Katherine Rich: Food prices need to be in context
Across the street from the Food & Grocery Council’s office in Wellington is a fresh-food shop with a footpath billboard. Recently it proclaimed “Food is our common ground, a universal experience.”
It’s an obvious-enough statement, and it’s why anything to do with food, be it quality or prices, makes news. That’s especially so around the second week of each month, when Statistics NZ dishes up its latest food-price data.
Inevitably, the news stories are about the overall rise in food prices (even though some individual food groups drop), and often the media draws comparisons with countries with which we have something in common, culturally. These stories have become formulaic: our food bills are compared to those of our Australian cousins, the media finds an ex-pat Kiwi to talk about how much cheaper food is across the ditch, and a short shopping-list comparison is done. Predictably, talkback fills with people asking why, in a country that is one of the most efficient producers of food, our prices seem higher than in other countries. It’s a fair-enough question because, on the face of it, food prices are in many cases higher here than inAustralia.
But all is not what it seems. Although international comparisons are interesting, they are often misleading, and must be used with qualification.
To begin with, every country with which we compare ourselves is much bigger than us. That means their economies of scale are vastly different to ours. They produce more items for less because they have larger production runs. As well, currency exchange rates differ, and some still have significant agricultural subsidies to prop up local food production, both of which can greatly affect the price of goods and further distort comparisons withNew Zealand. And there is our location and geography, which lumbers us with high transport costs – as the price of oil rises so does the price of consumer goods.
As for the rise in the price of our own goods, particularly dairy and meat, we can put some of the blame on economic growth inAsiaand the East. As the standard of living there rises and the expanding middle class develops a taste for the type of (quality) food we produce, so demand rises and up goes the pressure on prices. Short of introducing our own subsidies, that means we pay more as well. As long asNew Zealandexports to those countries and collects top dollar then that’s the way it will be.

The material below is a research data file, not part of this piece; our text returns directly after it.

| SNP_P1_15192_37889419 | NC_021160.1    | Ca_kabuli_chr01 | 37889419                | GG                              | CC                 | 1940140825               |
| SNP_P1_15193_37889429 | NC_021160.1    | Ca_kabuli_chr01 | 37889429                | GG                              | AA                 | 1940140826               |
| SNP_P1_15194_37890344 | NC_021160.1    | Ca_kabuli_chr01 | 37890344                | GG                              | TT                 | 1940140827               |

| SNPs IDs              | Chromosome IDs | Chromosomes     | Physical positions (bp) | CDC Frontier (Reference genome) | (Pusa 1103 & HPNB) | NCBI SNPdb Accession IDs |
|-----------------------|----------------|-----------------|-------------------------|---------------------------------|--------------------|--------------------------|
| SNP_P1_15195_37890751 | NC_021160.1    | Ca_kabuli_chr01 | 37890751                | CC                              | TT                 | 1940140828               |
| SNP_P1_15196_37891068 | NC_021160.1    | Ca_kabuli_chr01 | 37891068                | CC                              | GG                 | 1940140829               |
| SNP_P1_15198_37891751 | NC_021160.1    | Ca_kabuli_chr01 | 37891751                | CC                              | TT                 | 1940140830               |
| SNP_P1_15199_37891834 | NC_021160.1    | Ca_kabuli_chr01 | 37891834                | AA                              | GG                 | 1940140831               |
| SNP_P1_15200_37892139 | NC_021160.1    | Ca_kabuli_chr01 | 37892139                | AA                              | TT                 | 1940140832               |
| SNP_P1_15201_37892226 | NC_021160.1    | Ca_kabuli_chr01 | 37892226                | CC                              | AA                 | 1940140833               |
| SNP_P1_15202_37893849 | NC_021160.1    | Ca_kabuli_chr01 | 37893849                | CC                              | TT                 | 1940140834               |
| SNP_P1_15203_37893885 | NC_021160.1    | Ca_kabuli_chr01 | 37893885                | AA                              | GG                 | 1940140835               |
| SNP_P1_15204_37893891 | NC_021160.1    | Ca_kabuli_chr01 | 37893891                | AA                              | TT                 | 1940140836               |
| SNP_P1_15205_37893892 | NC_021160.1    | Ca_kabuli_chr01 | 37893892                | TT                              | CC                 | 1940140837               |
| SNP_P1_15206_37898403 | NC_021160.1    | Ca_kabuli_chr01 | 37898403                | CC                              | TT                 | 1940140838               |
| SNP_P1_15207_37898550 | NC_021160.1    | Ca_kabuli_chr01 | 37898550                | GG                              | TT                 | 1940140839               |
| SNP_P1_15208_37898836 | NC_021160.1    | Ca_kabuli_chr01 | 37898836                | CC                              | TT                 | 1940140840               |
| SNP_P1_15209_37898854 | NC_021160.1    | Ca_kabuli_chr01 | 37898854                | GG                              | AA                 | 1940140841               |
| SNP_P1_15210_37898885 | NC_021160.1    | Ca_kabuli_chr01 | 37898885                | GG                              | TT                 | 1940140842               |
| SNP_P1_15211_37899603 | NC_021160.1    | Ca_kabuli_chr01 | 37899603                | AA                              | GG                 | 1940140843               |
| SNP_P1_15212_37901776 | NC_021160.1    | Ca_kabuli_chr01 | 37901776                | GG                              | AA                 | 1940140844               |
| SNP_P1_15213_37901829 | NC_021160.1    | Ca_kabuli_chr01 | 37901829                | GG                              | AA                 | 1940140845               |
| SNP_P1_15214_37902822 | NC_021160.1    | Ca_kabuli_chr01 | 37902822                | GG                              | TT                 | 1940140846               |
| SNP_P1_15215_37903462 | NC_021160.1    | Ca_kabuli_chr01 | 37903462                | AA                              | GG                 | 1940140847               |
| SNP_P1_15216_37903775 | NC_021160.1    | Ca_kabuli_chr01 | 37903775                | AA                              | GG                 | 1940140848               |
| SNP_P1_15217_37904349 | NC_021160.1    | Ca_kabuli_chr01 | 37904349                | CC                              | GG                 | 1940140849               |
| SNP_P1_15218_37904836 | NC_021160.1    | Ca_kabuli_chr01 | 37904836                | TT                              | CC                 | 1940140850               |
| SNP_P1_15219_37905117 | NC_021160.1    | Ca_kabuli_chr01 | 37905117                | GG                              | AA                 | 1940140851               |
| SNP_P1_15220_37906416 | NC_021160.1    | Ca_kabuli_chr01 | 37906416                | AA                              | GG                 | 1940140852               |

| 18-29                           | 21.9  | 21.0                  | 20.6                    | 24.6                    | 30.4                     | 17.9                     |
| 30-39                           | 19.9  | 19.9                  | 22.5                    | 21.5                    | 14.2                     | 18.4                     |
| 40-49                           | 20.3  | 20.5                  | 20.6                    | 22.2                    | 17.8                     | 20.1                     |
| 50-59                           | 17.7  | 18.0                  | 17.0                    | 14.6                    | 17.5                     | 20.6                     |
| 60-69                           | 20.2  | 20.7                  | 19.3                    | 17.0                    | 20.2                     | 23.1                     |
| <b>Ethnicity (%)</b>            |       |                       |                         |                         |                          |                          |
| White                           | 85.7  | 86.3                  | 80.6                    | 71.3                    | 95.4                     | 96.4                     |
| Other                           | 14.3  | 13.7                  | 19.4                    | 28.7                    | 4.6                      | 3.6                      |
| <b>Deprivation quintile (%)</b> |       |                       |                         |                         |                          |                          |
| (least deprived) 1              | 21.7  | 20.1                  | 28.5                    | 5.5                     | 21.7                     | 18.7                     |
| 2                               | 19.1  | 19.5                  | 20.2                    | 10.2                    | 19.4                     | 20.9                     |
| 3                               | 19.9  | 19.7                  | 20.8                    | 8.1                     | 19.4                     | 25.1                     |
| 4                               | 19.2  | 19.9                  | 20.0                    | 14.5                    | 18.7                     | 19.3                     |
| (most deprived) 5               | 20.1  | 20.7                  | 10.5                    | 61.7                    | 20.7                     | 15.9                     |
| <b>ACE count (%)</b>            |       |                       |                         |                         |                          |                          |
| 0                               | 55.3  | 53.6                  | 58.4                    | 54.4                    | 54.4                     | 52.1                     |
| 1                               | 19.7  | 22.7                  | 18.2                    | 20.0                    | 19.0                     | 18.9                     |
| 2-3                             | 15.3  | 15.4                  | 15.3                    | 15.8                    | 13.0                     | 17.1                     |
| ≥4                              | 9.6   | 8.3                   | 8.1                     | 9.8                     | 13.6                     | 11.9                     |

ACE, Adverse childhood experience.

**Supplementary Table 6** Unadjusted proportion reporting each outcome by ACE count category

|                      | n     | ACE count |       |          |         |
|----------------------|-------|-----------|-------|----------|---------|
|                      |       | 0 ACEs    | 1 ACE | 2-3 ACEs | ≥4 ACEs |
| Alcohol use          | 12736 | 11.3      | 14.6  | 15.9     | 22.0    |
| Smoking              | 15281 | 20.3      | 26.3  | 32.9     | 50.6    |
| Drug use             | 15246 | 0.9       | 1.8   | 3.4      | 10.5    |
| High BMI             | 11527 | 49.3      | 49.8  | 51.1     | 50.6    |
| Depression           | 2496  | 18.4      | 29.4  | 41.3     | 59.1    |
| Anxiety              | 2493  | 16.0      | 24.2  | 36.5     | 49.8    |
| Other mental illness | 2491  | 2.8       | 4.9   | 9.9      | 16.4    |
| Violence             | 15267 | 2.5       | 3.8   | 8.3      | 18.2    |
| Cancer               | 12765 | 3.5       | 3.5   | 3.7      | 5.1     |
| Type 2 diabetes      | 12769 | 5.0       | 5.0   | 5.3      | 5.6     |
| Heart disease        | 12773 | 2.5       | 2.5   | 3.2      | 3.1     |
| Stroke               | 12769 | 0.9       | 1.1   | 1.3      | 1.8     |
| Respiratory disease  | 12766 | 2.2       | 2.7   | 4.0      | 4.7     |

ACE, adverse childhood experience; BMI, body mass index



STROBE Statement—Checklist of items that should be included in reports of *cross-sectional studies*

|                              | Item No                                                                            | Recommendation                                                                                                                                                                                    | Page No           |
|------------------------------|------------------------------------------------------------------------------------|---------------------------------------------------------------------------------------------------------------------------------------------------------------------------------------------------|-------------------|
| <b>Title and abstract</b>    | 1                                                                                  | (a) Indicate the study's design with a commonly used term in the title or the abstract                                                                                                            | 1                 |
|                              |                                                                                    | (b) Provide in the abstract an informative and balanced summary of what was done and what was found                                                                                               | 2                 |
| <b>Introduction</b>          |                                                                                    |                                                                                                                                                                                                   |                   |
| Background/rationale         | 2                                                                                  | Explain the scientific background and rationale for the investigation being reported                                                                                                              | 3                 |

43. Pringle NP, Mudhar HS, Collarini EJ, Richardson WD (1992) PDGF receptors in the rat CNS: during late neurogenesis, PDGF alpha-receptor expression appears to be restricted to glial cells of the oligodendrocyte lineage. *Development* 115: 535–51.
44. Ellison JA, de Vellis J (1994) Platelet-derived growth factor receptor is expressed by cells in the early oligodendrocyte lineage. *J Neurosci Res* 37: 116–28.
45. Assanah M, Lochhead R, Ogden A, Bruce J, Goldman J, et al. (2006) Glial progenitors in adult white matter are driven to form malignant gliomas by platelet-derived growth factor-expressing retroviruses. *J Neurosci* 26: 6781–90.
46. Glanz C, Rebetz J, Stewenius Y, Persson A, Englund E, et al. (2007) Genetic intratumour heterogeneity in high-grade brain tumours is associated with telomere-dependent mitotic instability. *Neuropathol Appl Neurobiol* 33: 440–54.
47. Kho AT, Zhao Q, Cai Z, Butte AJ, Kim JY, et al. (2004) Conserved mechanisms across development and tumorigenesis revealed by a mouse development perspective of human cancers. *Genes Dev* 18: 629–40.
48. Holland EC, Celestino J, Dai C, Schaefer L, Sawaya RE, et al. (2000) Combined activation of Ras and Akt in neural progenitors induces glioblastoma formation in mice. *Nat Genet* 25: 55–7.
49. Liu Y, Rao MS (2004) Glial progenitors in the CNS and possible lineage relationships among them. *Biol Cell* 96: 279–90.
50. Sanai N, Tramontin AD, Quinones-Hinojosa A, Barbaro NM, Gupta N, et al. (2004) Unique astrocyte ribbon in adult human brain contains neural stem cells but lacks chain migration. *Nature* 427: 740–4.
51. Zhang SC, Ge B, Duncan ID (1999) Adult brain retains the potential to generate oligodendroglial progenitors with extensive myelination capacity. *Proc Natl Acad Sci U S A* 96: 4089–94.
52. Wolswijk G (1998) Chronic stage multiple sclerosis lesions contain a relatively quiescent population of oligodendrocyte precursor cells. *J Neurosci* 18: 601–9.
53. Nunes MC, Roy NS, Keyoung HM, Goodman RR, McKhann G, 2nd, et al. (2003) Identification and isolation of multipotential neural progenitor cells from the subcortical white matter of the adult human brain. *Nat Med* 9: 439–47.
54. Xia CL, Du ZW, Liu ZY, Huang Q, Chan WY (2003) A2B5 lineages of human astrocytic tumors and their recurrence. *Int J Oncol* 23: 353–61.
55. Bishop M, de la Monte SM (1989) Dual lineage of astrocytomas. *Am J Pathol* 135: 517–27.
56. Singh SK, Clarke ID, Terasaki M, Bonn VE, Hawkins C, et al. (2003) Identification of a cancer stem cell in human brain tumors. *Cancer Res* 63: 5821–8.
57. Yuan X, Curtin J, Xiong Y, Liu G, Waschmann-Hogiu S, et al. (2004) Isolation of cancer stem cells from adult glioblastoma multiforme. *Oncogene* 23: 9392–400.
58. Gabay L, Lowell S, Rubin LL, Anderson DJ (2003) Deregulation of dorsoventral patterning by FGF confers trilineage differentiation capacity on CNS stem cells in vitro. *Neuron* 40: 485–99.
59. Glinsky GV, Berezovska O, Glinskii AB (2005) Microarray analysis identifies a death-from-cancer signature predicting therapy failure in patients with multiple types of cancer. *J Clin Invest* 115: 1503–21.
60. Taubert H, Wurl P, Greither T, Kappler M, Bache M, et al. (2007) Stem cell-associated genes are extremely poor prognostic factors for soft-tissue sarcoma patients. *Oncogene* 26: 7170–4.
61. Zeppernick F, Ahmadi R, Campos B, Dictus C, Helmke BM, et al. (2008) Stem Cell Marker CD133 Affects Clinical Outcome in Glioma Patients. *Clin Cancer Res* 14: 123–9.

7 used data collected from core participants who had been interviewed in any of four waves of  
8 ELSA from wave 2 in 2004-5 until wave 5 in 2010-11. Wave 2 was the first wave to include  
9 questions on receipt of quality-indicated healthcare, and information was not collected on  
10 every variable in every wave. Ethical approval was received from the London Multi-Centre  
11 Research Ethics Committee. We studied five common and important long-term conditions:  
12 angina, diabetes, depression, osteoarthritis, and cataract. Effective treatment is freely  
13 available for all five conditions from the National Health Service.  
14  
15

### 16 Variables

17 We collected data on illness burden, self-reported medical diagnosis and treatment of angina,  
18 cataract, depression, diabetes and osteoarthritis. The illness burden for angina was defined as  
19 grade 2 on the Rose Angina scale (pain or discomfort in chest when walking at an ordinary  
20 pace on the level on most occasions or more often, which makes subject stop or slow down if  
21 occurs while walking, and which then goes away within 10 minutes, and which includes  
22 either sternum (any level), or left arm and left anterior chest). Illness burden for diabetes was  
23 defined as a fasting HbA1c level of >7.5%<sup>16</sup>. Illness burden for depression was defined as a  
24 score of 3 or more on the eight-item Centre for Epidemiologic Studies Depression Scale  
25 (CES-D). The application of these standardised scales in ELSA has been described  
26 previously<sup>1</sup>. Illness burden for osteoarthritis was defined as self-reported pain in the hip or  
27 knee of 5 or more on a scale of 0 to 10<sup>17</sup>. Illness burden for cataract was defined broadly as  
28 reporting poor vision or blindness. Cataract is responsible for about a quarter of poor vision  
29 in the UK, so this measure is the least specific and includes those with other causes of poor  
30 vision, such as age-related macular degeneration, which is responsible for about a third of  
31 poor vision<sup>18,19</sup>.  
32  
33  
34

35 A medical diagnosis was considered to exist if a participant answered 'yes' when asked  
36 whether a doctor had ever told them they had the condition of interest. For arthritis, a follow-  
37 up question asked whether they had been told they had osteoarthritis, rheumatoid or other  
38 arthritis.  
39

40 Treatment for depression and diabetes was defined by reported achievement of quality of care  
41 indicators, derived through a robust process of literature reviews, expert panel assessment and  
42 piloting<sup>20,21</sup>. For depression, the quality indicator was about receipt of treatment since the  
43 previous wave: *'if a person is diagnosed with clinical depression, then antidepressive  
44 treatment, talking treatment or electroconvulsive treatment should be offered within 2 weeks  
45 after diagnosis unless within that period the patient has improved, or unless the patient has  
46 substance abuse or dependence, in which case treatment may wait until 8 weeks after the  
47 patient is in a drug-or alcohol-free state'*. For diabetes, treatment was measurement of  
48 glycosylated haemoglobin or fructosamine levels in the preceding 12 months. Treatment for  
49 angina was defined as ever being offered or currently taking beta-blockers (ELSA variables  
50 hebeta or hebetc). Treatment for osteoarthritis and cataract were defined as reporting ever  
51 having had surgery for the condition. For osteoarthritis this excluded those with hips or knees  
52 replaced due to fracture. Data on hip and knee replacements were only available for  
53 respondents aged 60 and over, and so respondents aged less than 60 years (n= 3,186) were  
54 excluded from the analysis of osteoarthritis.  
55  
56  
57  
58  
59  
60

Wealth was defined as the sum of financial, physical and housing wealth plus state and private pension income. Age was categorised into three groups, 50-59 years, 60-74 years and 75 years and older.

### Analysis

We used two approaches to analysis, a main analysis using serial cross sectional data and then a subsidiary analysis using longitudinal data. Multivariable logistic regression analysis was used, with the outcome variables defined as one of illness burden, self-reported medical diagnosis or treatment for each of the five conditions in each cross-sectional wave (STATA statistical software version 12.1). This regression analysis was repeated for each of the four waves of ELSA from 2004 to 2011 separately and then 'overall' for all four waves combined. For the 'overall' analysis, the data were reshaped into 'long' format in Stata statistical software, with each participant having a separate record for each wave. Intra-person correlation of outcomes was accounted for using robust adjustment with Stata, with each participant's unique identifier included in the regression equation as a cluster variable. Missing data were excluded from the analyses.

There are also the twin factors of wages and affordability. Even though each month a lot of the focus is on prices, in the end it comes down to how much we earn and how much we can afford at the supermarket. The Global Financial Crisis has made it tough. We are a low-wage economy. Many people don’t earn as much as those in other countries. That means when prices rise, we feel it more at the checkout than our Aussie cousins do. It’s genuinely hard for so many of our citizens.
But as we contemplate this seeming never-ending spiral of price rises, there’s something else to consider, and it may come as a surprise. Kiwis are actually better off now in terms of their food expenditure than we were in generations past.
According to the latest Household Economic Survey, we spend 17% of our disposable income on food (based on $178 of the $1010 average weekly income after tax). Of course, 17% is high for many on fixed incomes and others struggling with the weekly shop, but it’s a much smaller proportion than we have ever spent on food. In the 1950s it was about 50%, and by the next generation it was closer to 30%. This means, relative to incomes, food has never been cheaper or more affordable than it is now.
So, are food prices higher than five years ago? Yes, but there’s no one factor responsible. Although food companies think very carefully before passing on increased costs, to a large extent they are at the mercy of influences outside their control. Despite that, food prices are competitive when compared to other countries – you just have to remember it’s not always comparing apples with apples.